Again, organized Christianity at an early date in Egypt is, indirectly at least, attested by the activity of the Gnostic schools in that country in the third and fourth decades of the second century. Eusebius is authority that "Basilides the heresiarch", founder of one of these schools, came to prominence in the year 134. Other Egyptian founders of such schools, Valentinus and Carpocrates, belong to the same period. Valentinus had already moved to Rome in 140, under the pontificate of Pope Hyginus (Irenæus, Adv. Hær., III, iv, 3), after having preached his doctrines in Egypt, his native country.As Duchesne (op. cit., I, 331) well remarks, one cannot believe that these heretical manifestations represented all the Alexandrine Christianity. These schools, precisely because they are nothing but schools, suppose a Church, "the Great Church", as Celsus calls it; such aberration, precisely because labelled with their authors' names, testify to the existence of the orthodox tradition in the country where they originated. This tradition, from which heresies of such a power of diffusion could separate themselves without putting its very existence in jeopardy, must have been endowed with a vitality which cannot be accounted for without at least half a century of normal growth and organization under the guidance strong and vigilant bishops. We may, therefore, safely conclude as that as early as the middle decades of the first century there was in Alexandria, and probably in the neighboring nomes, or provinces, Christian communities consisting principally of Hellenistic Jews and of those pious men (phoboumenoi ton Theon) who had embraced the tenets and practices of Judaism without becoming regular proselytes. These communities must have had some numerical importance, for on the one hand the Jews were exceedingly numerous (over one million) in Egypt, and particularly in Alexandria, where they constituted two-fifths of the whole population; and on the other hand the philosophical eclecticism that generally prevailed in Alexandria at that time co-operated in favour of Christian ideas with the great doctrinal tolerance then obtaining throughout Judaism, to the extent, indeed, as Duchesne tersely puts it, that one might think like Philo or like Akiba, believe in the resurrection of the flesh or in its final annihilation, expect the Messias or ridicule that hope, philosophize like Ecclesiastes or like the Wisdom of Solomon (op. cit., I, 122). Along with this Judaizing church, whose hopes and expectations were centered in Jerusalem and the Temple, who accepted Christianity and yet continued to observe the Law, there was another Church, decidedly Gentile -- we might say, Christian -- in its character and aspirations, as well as in its practices. It is difficult to surmise what the relations of those two churches to one another were in their details. It is very probable that the destruction of Jerusalem and the Temple by Titus, by putting an end to the hopes of many among the judaizing Church, brought them over to the Great Church, which henceforth gained rapidly in numbers and prestige and soon became the only orthodox Christian Church.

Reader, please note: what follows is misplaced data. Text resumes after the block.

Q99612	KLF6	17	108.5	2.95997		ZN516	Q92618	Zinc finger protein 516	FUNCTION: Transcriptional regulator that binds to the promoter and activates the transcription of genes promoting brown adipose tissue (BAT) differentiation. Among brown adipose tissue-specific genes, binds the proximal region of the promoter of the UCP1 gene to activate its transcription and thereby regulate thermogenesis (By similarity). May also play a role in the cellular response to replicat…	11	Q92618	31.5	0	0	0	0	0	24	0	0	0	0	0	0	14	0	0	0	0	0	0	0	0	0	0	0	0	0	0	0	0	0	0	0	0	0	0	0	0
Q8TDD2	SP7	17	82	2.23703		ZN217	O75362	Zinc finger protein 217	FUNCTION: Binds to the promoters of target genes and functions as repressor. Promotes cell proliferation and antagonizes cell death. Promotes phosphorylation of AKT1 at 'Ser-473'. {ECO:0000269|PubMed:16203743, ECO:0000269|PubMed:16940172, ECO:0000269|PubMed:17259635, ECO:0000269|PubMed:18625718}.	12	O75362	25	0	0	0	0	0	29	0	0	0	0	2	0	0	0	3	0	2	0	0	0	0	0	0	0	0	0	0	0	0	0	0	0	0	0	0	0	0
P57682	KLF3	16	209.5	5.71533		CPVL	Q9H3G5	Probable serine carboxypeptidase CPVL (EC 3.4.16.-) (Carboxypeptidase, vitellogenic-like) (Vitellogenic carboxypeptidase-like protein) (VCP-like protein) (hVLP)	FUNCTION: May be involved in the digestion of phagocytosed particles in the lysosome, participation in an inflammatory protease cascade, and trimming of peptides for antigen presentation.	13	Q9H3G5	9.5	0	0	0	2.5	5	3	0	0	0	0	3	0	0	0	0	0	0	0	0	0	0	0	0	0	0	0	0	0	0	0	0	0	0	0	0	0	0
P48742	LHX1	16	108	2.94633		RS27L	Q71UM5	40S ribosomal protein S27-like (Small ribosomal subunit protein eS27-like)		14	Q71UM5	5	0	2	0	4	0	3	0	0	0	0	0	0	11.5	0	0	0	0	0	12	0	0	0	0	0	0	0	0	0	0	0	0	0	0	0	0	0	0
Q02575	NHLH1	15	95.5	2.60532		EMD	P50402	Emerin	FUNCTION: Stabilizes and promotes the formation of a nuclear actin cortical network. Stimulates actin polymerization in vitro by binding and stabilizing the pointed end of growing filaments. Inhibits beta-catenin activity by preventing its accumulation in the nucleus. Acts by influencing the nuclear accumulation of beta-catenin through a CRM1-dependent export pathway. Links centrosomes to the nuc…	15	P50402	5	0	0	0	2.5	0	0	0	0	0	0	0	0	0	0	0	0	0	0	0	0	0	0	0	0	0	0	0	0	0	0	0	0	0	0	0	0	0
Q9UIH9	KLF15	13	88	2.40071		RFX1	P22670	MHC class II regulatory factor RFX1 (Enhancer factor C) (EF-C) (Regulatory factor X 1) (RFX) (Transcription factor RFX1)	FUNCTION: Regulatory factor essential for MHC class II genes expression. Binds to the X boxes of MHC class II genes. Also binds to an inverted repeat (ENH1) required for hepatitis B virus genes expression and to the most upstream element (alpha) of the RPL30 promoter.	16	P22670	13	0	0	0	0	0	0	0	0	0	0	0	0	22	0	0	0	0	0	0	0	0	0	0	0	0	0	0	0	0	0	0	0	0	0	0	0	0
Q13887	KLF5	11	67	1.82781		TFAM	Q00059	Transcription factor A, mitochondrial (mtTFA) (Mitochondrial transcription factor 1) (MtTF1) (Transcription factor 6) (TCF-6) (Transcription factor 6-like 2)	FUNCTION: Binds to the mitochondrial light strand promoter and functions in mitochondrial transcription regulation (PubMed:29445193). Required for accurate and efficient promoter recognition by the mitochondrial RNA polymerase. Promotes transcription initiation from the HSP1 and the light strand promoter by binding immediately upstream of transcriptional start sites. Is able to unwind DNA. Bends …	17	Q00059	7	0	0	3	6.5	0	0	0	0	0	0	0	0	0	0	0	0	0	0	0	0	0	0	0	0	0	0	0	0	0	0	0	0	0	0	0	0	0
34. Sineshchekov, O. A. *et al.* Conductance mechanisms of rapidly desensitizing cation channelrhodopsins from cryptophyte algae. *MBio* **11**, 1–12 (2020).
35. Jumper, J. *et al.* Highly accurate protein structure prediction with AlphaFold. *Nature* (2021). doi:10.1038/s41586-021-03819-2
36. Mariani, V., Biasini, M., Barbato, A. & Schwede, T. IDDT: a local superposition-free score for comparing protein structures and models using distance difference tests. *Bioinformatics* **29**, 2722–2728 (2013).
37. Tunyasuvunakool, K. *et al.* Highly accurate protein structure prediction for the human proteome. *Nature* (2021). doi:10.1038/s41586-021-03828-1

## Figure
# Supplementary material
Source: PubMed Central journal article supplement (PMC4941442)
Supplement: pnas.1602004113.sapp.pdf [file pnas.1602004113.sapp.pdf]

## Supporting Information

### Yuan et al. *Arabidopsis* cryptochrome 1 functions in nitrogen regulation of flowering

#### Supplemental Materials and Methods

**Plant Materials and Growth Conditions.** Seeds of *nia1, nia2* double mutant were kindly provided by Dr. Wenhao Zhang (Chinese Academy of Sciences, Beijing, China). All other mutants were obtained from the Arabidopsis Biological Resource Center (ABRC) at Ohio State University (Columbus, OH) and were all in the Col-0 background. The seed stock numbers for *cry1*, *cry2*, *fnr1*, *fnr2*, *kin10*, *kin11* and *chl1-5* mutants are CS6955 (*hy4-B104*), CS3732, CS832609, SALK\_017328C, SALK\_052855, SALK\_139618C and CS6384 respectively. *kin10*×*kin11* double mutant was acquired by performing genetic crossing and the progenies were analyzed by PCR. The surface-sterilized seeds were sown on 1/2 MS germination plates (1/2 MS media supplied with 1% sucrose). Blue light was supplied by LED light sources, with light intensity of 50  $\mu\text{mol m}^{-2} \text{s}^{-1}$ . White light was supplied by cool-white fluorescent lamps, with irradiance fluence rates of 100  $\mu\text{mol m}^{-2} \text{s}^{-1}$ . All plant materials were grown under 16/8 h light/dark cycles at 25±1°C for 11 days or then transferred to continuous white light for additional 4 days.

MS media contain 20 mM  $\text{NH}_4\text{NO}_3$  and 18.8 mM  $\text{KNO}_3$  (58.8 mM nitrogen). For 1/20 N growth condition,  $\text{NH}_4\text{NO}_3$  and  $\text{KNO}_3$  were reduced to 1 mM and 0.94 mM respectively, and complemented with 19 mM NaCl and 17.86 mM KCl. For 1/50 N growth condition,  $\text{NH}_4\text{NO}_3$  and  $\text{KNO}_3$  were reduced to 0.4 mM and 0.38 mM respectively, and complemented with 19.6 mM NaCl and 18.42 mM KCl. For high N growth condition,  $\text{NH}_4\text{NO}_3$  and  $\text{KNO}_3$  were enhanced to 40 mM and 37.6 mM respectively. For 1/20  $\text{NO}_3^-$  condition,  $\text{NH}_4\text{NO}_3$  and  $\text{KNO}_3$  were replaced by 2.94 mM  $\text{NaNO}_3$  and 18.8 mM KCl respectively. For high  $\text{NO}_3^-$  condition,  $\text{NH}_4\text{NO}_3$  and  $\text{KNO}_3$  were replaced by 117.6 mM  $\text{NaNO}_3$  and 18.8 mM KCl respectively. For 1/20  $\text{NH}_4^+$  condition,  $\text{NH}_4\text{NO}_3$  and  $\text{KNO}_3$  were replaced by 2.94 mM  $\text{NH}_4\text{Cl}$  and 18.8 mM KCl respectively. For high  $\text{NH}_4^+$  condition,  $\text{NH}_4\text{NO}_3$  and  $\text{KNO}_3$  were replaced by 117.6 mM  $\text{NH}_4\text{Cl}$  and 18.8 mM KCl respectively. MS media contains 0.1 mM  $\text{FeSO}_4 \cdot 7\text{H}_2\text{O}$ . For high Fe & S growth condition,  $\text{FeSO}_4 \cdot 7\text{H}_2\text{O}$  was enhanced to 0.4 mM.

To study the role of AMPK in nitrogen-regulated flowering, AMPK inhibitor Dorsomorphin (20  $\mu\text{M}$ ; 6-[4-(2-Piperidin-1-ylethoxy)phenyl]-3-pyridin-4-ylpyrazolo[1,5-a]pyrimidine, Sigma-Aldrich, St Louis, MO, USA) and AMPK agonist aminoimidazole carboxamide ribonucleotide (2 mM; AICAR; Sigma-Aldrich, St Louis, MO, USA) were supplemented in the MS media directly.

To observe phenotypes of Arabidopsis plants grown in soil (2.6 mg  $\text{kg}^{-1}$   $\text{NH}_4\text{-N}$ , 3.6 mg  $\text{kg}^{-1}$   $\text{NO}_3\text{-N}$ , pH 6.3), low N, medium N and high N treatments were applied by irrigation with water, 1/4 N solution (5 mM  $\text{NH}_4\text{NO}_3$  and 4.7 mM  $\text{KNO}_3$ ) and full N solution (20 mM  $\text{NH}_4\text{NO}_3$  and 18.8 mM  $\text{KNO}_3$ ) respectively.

newadvent.org/cathen/05329b.htm
     
  21. Avatar smoking revolver Valued Senior Member

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    19,083
    Cross is a sacred symbol in many cultures and by disregarding the Babylonian mythology you're making a tragic error.
    Amen comes from the word "Let it be so".
    I don't have the time for this, but I urge readers to cross check the facts implied by LuckyNumbers, because he's exaggerating them.
    The Coptic church in Egypt is indeed an old one.
     
  22. Challenger78 Valued Senior Member

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    I don't have links , but Popular mechanics does point out some of their points about the 11th of September could very well be false.
    The third part of the movie, according to Read Only, Isn't true because there is oversight, and the Federal Reserve has its own senate comittee.
     
  23. fadingCaptain are you a robot? Valued Senior Member

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    1,762
    I'd say the religious part of the movie was largely supported by evidence, though some of the conclusions are obviously controversial. The 9/11 part is rubbish. I think the new world order part has some truth to it but covered in a lot of exaggeration and paranoia. Overall, it's a good primer to start looking into the subjects in more detail.